Trump open to talks with Iran but maintains possibility of using 'very violent force'

U.S. President Donald Trump said at the close of the G7 sumit on Monday he would meet Iran's president under the right circumstances to end a confrontation over a 2015 nuclear deal, while still leaving room for a boisterous threat.

U.S. president rules out lifting economic sanctions to compensate for Iranian losses

U.S. President Donald Trump gestures during a press conference on the final day of the G7 summit in Biarritz, France. (Markus Schreiber/The Associated Press)

U.S. President Donald Trump said Monday he would meet Iran's president under the right circumstances to end a confrontation over a 2015 nuclear deal and that talks were underway to see how countries could open credit lines to keep Iran's economy afloat.

But Trump, speaking at a G7 summit in the French resort of Biarritz, ruled out lifting economic sanctions to compensate for losses suffered by Iran.

Trump told reporters it was realistic to envisage a meeting between him and President Hassan Rouhani in coming weeks, describing Iran as a country of "tremendous potential."

"I have a good feeling. I think he [Rouhani] is going to want to meet and get their situation straightened out. They are hurting badly," Trump said.

As he had in the first year of presidency in the face of North Korean missile tests, Trump alternated between being open to the possibility of talks at some future point and issuing threats.

"They can't do what they were saying they were going to do because if they do that, they will be met with really very violent force," said Trump, appearing to refer to Iran's recent combative rhetoric about its ability to attack U.S. interests.

"But they [Iran] have to stop terrorism," he added. "I think they are going to change, I really do."

French President Emmanuel Macron, host of the summit, told the same news conference that Rouhani had told him he would be open to meeting Trump. Macron said he hoped a summit between the two men could happen in coming weeks. Trump and Rouhani head to the United Nations General Assembly in September.

Rouhani is not Iran's top decision-maker. That role is held by the fiercely anti-American Supreme Leader Ayatollah Ali Khamenei, and anything agreed at a Trump-Rouhani encounter would be subject to Khamenei's approval.

European leaders have struggled to calm the deepening confrontation between Iran and the United States since Trump pulled Washington out of Tehran's 2015 nuclear deal with world powers and reimposed sanctions on the Iranian economy.

But Macron has spent the summer trying to create conditions for a pause to bring the two sides back to the negotiating table.

"What I hope is that in coming weeks, based on these talks, we can manage to see a summit between President Rouhani and President Trump," Macron said, adding that he believed if they met a deal could be struck.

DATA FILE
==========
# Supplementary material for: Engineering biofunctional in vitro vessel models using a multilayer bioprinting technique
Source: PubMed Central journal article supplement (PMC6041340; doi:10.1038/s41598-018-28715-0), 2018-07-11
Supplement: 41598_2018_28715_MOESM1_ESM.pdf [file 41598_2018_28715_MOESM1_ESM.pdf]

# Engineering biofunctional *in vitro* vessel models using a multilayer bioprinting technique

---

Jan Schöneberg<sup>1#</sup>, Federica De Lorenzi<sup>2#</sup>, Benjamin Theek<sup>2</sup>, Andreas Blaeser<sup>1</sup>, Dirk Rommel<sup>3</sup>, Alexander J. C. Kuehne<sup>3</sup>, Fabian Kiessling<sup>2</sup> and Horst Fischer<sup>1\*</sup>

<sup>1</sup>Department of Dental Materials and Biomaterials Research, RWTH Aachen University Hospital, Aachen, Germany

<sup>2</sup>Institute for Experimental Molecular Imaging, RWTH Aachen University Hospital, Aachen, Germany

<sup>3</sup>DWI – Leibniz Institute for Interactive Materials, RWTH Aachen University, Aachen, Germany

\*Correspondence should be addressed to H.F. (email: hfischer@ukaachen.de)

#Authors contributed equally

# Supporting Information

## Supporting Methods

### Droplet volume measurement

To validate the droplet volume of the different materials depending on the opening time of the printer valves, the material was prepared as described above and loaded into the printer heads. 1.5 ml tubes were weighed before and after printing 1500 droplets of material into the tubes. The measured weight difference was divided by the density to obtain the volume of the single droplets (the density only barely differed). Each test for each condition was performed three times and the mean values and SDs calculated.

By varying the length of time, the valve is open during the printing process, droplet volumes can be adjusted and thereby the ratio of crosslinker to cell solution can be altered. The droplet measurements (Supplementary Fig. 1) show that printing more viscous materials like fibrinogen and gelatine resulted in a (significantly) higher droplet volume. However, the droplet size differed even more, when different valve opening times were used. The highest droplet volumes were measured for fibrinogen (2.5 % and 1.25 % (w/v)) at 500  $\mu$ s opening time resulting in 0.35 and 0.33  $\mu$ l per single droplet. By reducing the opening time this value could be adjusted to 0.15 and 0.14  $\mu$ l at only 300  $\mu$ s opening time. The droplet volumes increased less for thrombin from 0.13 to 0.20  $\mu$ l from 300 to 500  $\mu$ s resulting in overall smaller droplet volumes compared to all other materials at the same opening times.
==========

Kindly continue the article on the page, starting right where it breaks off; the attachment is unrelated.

Sanctions hurting Iran: Trump

Macron's efforts took a surprise turn on Sunday when Iranian Foreign Minister Mohammad Javad Zarif, who is under U.S. sanctions, flew to Biarritz, where he met with the French president as well as officials from Germany and England.

"I knew [Zarif] was coming in and I respected the fact that he was coming in. We're looking to make Iran rich again, let them be rich, let them do well, if they want," Trump said.

Trump said it was too early for him to meet Zarif.

Trump and French President Emmanuel Macron talk at the close of the summit. Within seconds of Macron talking about the need to maintain the goals of the 2015 nuclear deal with Iran, Trump again bashed the pact. (Francois Mori/The Associated Press)

The 2015 deal between Iran and six world powers, reached when Trump's predecessor Barack Obama was in office, aimed to curb Iran's disputed uranium enrichment program in exchange for the lifting of many international sanctions on Tehran.

Since ditching the deal, called the Joint Comprehensive Plan of Action, Trump has pursued a policy of "maximum pressure" to try to force Iran into broader talks to restrict its ballistic missile program and end its support for proxy forces around the Middle East.

Trump said he was not open to giving Iran compensation for sanctions on its economy. However, he said the idea under discussion would be for numerous countries to give Iran a credit line to keep it going.

"No we are not paying, we don't pay," Trump said.

"But they may need some money to get them over a very rough patch and if they do need money, and it would be secured by oil, which to me is great security, and they have a lot of oil… so we are really talking about a letter of credit. It would be from numerous countries, numerous countries."

While Trump's European allies also want fresh negotiations with Iran, they believe the nuclear deal must be upheld to help ward off the risk of wider war in the Middle East.

Iran should never be allowed to get a nuclear weapon, British Prime Minister Boris Johnson said.

"There is clearly an opportunity now for Iran to come back into compliance with the nuclear deal… and to resume dialogue, as well as to cease its disruptive behaviour in the region."

Macron and Prime Minister Justin Trudeau reiterated their support for containing Iran as prescribed in the 2015 agreement.